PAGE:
The Miami Herald and the South Florida Sun Sentinel featured articles in recent weeks about communities that are implementing community-wide smoking bans, including inside of the private dwellings of the residents. The Florida Clean Indoor Air Act already prohibits smoking inside of public buildings, which is interpreted to include the indoor common areas of condominium developments, but there are no laws regulating smokers’ rights to smoke inside of their units or in their private balconies, porches and yards. As smoking rates continue to decline due to the adverse health problems associated with smoking and secondhand smoke, the question of whether community associations can impose community-wide smoking bans, including inside of owners’ residences, is becoming a very hot topic with associations across the country.
The associations and boards that take up this issue and seek to implement such a ban may face significant challenges. New developments, such as the AquaVita Las Olas condominium which was featured in the Sun Sentinel article and will open later this year in Fort Lauderdale, are instituting smoking bans in their original declaration of covenants and condominium documents, so buyers are aware of the restrictions prior to their purchase. However, for existing communities which seek to institute such a ban on their current and future owners, their ability to amend their declaration of covenants with these new restrictions may ultimately be challenged, and the enforcement of such a ban may present serious difficulties.
Existing communities wishing to implement the bans by a new amendment to their governing documents would be wise to consider several measures to make the new restrictions more practical and enforceable. Chief among these would be to create a “grandfather exception” to allow existing owners who are smokers to continue to smoke inside of their residences but to ban any new owners from doing so after the amendment has been ratified. Another suggestion would be to allow owners and their guests to smoke in the private balconies of condominium residences but to ban smoking inside of the units, as the complaints about secondhand smoke typically come from neighboring residents who indicate that the smoke and odor seeps through air vents and walls from adjoining units. In addition, the enforcement of the new smoking restrictions will become difficult if not impossible, as association boards and property managers will be unable to determine whether violations are taking place if they are denied access to the residences of owners who are suspected of smoking.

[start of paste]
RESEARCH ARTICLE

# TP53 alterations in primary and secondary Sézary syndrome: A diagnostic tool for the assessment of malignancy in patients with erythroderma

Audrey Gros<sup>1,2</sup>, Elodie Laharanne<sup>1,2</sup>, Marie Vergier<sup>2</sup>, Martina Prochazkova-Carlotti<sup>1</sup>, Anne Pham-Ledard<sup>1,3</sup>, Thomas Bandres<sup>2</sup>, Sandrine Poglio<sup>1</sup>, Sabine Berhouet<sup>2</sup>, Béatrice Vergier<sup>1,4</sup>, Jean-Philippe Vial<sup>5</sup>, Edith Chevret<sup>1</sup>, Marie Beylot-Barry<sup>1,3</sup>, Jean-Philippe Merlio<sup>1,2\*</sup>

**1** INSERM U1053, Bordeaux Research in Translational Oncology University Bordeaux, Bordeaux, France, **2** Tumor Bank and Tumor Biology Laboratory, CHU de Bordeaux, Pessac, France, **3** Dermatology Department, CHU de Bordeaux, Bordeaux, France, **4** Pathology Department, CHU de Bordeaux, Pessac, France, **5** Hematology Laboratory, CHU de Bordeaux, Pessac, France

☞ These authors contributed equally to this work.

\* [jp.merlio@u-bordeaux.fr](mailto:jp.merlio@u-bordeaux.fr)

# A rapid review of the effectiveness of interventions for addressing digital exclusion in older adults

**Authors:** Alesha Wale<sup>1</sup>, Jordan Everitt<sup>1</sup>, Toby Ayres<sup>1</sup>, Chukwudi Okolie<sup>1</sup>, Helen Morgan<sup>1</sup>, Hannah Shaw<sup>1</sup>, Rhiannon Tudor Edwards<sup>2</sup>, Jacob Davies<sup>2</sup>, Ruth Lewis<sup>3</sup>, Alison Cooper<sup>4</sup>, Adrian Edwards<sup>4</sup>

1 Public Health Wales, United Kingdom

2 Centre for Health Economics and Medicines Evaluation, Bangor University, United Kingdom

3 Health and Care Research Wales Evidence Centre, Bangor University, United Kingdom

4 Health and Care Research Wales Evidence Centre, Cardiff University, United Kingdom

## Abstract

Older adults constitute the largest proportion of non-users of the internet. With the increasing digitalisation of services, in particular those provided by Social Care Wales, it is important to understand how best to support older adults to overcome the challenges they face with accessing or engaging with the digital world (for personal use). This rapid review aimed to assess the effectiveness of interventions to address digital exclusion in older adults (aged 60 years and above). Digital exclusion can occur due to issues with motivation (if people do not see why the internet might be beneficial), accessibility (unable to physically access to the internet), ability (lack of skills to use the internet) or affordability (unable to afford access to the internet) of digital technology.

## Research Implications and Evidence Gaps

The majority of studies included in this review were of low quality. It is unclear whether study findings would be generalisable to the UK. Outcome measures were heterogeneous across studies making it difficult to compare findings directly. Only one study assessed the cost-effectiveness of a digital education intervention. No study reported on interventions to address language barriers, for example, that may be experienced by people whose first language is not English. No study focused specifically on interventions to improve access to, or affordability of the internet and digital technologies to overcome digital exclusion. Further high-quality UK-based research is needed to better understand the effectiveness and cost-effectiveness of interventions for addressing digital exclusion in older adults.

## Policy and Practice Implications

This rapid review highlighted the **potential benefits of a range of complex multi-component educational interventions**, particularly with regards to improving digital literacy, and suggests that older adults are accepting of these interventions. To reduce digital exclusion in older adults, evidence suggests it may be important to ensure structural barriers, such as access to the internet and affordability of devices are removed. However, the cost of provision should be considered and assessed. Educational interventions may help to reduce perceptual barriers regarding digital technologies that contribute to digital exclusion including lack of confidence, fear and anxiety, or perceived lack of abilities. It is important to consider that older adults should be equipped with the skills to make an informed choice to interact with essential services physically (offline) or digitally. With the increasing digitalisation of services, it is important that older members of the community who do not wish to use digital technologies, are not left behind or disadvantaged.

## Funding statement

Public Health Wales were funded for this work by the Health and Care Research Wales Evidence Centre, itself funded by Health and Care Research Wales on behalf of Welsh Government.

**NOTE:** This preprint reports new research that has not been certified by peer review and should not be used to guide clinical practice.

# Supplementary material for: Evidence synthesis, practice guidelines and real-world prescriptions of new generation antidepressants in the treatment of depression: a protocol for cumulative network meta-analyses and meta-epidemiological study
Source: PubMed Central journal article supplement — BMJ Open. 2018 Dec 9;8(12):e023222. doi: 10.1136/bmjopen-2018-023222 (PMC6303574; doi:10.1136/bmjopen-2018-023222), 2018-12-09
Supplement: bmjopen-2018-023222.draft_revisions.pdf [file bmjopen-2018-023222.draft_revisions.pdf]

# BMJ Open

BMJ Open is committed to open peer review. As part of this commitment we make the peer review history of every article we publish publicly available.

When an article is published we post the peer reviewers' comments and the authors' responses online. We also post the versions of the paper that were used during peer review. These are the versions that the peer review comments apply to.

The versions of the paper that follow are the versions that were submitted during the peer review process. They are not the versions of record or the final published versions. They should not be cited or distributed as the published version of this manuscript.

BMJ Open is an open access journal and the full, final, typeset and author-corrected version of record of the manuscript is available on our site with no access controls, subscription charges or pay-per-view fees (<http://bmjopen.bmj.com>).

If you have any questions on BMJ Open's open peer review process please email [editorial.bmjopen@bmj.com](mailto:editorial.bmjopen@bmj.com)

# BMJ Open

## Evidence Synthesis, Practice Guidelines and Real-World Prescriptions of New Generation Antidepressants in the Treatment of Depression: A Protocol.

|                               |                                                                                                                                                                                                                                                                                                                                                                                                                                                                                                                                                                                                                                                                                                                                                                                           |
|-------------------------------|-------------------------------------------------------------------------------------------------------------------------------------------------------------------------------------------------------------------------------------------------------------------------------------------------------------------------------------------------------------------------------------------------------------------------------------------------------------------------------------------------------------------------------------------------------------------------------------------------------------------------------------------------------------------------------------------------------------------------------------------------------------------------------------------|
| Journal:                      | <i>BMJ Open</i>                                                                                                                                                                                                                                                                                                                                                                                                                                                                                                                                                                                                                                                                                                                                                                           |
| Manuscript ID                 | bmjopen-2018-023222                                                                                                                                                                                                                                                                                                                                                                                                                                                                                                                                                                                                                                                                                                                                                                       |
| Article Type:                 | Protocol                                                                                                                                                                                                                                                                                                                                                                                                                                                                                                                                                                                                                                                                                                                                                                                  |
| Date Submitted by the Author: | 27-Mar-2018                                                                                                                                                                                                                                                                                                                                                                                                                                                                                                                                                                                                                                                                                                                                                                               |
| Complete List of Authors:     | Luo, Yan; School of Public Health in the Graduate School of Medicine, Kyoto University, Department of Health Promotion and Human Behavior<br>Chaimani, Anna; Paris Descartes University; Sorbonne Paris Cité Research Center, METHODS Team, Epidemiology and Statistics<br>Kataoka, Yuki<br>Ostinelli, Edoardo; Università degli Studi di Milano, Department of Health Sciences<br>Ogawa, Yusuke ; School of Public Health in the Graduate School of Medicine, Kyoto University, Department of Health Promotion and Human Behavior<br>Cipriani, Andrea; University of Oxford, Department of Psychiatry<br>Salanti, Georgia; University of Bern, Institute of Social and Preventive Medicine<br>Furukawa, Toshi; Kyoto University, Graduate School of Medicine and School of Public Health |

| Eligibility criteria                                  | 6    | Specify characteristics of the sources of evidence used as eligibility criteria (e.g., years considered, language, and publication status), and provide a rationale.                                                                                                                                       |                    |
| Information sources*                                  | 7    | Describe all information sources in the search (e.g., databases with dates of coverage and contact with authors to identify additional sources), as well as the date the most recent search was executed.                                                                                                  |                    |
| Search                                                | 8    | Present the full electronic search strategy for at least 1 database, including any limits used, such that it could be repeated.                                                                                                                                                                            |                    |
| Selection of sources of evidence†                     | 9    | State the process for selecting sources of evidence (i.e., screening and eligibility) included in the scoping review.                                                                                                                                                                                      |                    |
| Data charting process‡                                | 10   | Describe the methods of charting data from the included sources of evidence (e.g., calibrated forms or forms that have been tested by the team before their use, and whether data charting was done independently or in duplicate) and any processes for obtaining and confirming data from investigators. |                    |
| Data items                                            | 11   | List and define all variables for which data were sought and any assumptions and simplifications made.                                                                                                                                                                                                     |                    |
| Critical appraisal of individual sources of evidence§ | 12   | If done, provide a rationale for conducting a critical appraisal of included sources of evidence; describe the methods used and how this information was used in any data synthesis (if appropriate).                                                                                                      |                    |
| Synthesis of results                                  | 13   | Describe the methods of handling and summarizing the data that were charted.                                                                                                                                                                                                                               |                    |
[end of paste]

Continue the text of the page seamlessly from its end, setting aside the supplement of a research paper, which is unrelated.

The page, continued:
Given these considerations, condominium associations and HOAs that are adamant about implementing these smoking bans should consult with their attorneys and work with their owners, including both the proponents of the new bans as well as the smokers who wish to maintain the status quo. By using grandfather exceptions, allowing smoking in the balconies and only seeking bans for the residences of new owners who are informed of the smoking restrictions prior to their purchases, these restrictions may stand a better chance of becoming viable solutions for communities wishing to ban smoking within their properties as widely as possible.